Health For Members

Is Sweden's moist tobacco 'snus' all it's cracked up to be?

AFP/The Local
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Is Sweden's moist tobacco 'snus' all it's cracked up to be?
Snus, a healthier alternative to cigarettes or a myth peddled by the tobacco industry? Photo: Paul Wennerholm/TT

Sweden is expected to become Europe's first smoke-free country thanks to the popularity of 'snus'. But some are worried that the moist tobacco is a fairytale too good to be true.


Used by one in seven Swedes, snus has, according to the government, helped slash the number of smokers from 15 percent of the population in 2005 to 5.2 percent last year, a record low in Europe.

A country is considered smoke-free when less than five percent of its population are daily smokers.

Snus has been banned in the European Union since 1992. But Sweden negotiated an exemption when it joined the bloc three years later.

At the Swedish Match factory in the western city of Gothenburg, thousands of doses of snus wend their way through a complex web of machinery producing the sachets.

The company sold 277 million boxes of snus in Sweden and Norway in 2021.

"We have used it for 200 years in Sweden. (It's) part of the Swedish culture, just like many other European countries have their wine culture," Swedish Match spokesman Patrik Hildingsson told AFP.


Clad in a white lab coat, he described the manufacturing process.

"Tobacco comes from India or the United States. It goes through this silo and is then packed inside the pouches like tea bags and then into these boxes."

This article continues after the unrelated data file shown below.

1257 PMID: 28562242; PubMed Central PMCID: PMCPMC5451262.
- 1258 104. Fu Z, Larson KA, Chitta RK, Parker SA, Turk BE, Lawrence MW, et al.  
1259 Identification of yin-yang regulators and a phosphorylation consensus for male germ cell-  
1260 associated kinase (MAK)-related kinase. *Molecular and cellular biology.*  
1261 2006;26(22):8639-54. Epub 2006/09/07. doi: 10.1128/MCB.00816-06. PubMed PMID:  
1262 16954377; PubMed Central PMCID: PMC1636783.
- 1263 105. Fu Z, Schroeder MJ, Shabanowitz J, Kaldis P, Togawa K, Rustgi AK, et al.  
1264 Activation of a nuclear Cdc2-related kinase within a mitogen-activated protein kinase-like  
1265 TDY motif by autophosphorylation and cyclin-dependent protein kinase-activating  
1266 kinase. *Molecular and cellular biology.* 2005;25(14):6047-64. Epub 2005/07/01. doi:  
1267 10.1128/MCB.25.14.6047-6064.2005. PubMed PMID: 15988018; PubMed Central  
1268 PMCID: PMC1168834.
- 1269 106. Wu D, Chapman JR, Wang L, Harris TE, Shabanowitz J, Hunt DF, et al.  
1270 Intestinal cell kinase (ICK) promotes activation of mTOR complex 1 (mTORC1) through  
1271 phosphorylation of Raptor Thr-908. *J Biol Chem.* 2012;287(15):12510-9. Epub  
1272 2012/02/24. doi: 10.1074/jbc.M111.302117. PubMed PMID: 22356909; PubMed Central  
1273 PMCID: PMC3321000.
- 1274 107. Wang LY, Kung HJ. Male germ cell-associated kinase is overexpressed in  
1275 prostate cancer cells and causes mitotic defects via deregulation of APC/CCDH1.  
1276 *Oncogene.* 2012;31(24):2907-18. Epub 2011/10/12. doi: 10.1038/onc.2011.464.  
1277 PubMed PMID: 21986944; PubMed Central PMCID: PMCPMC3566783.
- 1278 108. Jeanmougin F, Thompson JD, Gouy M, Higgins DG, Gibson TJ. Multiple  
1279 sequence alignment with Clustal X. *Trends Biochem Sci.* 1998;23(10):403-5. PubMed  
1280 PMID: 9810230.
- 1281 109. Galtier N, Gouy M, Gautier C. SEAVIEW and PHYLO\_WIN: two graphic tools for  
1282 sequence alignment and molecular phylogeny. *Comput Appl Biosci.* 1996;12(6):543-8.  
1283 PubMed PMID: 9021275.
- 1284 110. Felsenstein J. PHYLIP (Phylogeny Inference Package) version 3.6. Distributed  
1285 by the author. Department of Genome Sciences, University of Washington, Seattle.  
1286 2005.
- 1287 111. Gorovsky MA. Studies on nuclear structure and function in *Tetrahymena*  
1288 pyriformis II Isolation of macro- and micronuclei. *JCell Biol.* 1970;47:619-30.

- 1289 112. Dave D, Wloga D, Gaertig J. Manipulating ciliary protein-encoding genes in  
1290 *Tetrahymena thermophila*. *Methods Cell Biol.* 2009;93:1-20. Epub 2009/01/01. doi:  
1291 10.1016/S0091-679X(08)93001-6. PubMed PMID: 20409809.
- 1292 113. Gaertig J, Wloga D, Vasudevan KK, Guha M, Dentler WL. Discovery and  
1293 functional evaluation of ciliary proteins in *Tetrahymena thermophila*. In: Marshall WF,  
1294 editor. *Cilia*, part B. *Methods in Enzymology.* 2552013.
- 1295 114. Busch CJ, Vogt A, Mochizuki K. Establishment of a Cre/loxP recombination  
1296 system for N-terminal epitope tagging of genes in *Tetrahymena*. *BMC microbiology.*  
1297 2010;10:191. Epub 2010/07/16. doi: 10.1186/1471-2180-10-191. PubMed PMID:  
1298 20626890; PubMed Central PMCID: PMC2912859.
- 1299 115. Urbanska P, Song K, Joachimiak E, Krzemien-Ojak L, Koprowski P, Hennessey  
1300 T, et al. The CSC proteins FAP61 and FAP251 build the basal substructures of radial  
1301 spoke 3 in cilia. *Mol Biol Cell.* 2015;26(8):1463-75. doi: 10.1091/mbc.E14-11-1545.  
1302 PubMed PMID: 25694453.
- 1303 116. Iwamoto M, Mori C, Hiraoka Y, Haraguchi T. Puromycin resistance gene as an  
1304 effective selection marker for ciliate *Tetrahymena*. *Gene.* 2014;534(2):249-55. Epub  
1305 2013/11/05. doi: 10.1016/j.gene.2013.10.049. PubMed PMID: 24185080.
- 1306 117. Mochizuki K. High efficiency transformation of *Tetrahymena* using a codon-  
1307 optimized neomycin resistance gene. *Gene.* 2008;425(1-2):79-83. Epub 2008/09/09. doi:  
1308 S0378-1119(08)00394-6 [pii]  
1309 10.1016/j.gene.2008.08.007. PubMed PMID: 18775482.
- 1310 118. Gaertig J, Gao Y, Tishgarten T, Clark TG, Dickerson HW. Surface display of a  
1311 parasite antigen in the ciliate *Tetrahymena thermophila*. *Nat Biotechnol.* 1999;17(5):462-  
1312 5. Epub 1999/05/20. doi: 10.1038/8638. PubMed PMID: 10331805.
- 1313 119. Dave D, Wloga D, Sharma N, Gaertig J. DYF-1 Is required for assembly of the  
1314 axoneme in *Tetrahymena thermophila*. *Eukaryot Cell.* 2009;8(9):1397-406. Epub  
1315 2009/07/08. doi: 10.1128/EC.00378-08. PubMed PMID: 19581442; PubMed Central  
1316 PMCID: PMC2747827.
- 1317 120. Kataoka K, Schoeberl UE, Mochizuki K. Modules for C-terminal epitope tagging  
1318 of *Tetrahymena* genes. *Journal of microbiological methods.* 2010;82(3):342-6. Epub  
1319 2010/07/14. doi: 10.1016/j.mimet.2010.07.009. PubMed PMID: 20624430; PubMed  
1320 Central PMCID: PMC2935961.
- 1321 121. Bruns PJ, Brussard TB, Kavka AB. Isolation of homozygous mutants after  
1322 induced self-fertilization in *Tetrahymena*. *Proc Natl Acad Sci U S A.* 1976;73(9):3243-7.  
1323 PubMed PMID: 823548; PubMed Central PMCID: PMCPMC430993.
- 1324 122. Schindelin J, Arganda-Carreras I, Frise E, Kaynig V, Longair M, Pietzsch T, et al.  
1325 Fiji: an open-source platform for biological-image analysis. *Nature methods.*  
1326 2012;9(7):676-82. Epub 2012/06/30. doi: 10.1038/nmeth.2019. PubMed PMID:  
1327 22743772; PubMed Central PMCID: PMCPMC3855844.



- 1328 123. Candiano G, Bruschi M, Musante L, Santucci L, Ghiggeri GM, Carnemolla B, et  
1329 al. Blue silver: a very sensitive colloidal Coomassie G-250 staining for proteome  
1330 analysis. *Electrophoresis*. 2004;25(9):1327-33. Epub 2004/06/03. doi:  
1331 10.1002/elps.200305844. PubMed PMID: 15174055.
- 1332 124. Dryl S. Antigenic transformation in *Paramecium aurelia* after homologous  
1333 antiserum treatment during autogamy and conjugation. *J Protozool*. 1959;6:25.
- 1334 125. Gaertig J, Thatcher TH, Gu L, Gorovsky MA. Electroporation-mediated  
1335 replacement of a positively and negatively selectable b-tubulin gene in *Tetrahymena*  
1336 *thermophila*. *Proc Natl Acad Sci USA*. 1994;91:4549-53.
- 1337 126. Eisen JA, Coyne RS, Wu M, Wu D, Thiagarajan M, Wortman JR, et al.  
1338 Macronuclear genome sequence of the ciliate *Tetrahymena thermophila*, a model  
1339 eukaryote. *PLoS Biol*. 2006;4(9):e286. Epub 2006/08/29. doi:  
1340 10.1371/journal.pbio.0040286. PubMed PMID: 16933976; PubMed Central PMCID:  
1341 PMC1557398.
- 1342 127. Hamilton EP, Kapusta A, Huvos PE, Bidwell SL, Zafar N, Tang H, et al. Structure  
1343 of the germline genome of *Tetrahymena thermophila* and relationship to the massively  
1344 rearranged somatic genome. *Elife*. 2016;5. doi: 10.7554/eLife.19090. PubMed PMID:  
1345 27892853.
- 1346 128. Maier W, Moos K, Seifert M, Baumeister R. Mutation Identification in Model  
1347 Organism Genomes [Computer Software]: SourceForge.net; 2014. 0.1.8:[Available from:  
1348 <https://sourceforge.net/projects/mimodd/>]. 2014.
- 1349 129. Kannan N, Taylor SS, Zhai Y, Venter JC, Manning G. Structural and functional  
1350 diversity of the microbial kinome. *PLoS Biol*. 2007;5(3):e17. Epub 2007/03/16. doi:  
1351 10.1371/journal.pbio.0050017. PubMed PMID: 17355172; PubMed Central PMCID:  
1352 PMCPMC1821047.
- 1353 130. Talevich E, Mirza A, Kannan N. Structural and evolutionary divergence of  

There are two types: traditional brown snus, which contains tobacco, and white snus, which is made of synthetic nicotine and often flavoured.


Conquering the young

Traditional snus is mostly sold in Sweden, Norway and the US.

White snus, introduced about 15 years ago, falls into a legal void in the EU since it doesn't contain tobacco. It was banned this year in both Belgium and the Netherlands.

But it is hugely popular with young people in Sweden, with its use quadrupling among women aged 16 to 29 in four years.

Fifteen percent of people in Sweden say they use some form of snus daily, a figure that has risen slightly in recent years.

At the same time, the country has seen a sharp drop in smokers even though cigarettes are less than half the price they are in Ireland.

Just five percent of Swedes say they smoke regularly, according to 2022 data from the Public Health Agency, putting Sweden 27 years ahead of the EU's 2050 smoke-free target.


"It's very positive," Swedish Health Minister Jakob Forssmed told AFP.

"A very important decision was the smoking ban in restaurants from 2005, and then at outdoor restaurants and public places in 2019," he said.

"Many Swedes also say that switching to snus helped them stop smoking."

The government has also backed the snus industry, hiking taxes recently on cigarettes by nine percent while cutting those on traditional snus by 20 percent.

"With all these regulations it's almost impossible to smoke. Snus doesn't smell, and the nicotine rush is much stronger than with a cigarette," said Thorbjörn Thoors, a 67-year-old window repairman who has used snus since his teens and quit smoking decades ago.


Linked to cancer?

But the decision to lower taxes on snus does not sit well with Ulrika Årehed Kågström, head of the Swedish Cancer Society.

"It came as a complete surprise and I was really disappointed," she said.

"It shows that they really completely bought the fairytale from the tobacco industry, (which is) trying to find a new market for these products  and saying that these are harm reduction products.

"We don't have enough research yet," she insisted.

"We know that snus and these kinds of nicotine products cause changes in your blood pressure and there is a risk of long-term cardiovascular disease."

Årehed Kågström fears that just like with smoking it will take years to show "to what extent these products were harmful".

A June 2023 study by the Norwegian Institute of Public Health showed that the risk of throat and pancreatic cancer was three and two times greater, respectively, among frequent snus users.

However, in 2017, a study in the International Journal of Cancer concluded there was no link between cancer and snus.

Article by AFP's Viken Kantarci



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